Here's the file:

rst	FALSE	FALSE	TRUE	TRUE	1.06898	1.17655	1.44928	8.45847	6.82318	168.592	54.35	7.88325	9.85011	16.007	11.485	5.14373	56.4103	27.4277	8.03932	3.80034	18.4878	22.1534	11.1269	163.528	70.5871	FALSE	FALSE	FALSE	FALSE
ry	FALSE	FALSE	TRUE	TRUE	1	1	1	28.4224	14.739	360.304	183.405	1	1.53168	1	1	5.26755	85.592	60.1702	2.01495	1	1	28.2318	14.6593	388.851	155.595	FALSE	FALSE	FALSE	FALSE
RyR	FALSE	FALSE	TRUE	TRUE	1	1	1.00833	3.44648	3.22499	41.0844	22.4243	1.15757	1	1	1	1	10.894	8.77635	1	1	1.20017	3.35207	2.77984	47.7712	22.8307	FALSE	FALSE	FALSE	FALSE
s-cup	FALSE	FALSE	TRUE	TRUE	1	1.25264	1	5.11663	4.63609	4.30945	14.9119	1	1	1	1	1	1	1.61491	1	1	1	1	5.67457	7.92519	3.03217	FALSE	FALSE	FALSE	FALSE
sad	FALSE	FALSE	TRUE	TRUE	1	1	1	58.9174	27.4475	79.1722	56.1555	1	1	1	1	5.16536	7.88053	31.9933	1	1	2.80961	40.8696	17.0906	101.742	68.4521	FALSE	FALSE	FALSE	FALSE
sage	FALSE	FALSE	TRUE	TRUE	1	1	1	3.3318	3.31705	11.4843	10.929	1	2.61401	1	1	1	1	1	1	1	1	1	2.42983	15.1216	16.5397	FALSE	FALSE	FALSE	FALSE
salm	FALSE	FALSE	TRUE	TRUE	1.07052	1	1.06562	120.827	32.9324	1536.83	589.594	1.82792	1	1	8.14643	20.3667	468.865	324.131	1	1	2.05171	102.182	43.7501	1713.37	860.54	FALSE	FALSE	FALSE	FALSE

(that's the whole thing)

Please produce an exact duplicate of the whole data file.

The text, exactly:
rst	FALSE	FALSE	TRUE	TRUE	1.06898	1.17655	1.44928	8.45847	6.82318	168.592	54.35	7.88325	9.85011	16.007	11.485	5.14373	56.4103	27.4277	8.03932	3.80034	18.4878	22.1534	11.1269	163.528	70.5871	FALSE	FALSE	FALSE	FALSE
ry	FALSE	FALSE	TRUE	TRUE	1	1	1	28.4224	14.739	360.304	183.405	1	1.53168	1	1	5.26755	85.592	60.1702	2.01495	1	1	28.2318	14.6593	388.851	155.595	FALSE	FALSE	FALSE	FALSE
RyR	FALSE	FALSE	TRUE	TRUE	1	1	1.00833	3.44648	3.22499	41.0844	22.4243	1.15757	1	1	1	1	10.894	8.77635	1	1	1.20017	3.35207	2.77984	47.7712	22.8307	FALSE	FALSE	FALSE	FALSE
s-cup	FALSE	FALSE	TRUE	TRUE	1	1.25264	1	5.11663	4.63609	4.30945	14.9119	1	1	1	1	1	1	1.61491	1	1	1	1	5.67457	7.92519	3.03217	FALSE	FALSE	FALSE	FALSE
sad	FALSE	FALSE	TRUE	TRUE	1	1	1	58.9174	27.4475	79.1722	56.1555	1	1	1	1	5.16536	7.88053	31.9933	1	1	2.80961	40.8696	17.0906	101.742	68.4521	FALSE	FALSE	FALSE	FALSE
sage	FALSE	FALSE	TRUE	TRUE	1	1	1	3.3318	3.31705	11.4843	10.929	1	2.61401	1	1	1	1	1	1	1	1	1	2.42983	15.1216	16.5397	FALSE	FALSE	FALSE	FALSE
salm	FALSE	FALSE	TRUE	TRUE	1.07052	1	1.06562	120.827	32.9324	1536.83	589.594	1.82792	1	1	8.14643	20.3667	468.865	324.131	1	1	2.05171	102.182	43.7501	1713.37	860.54	FALSE	FALSE	FALSE	FALSE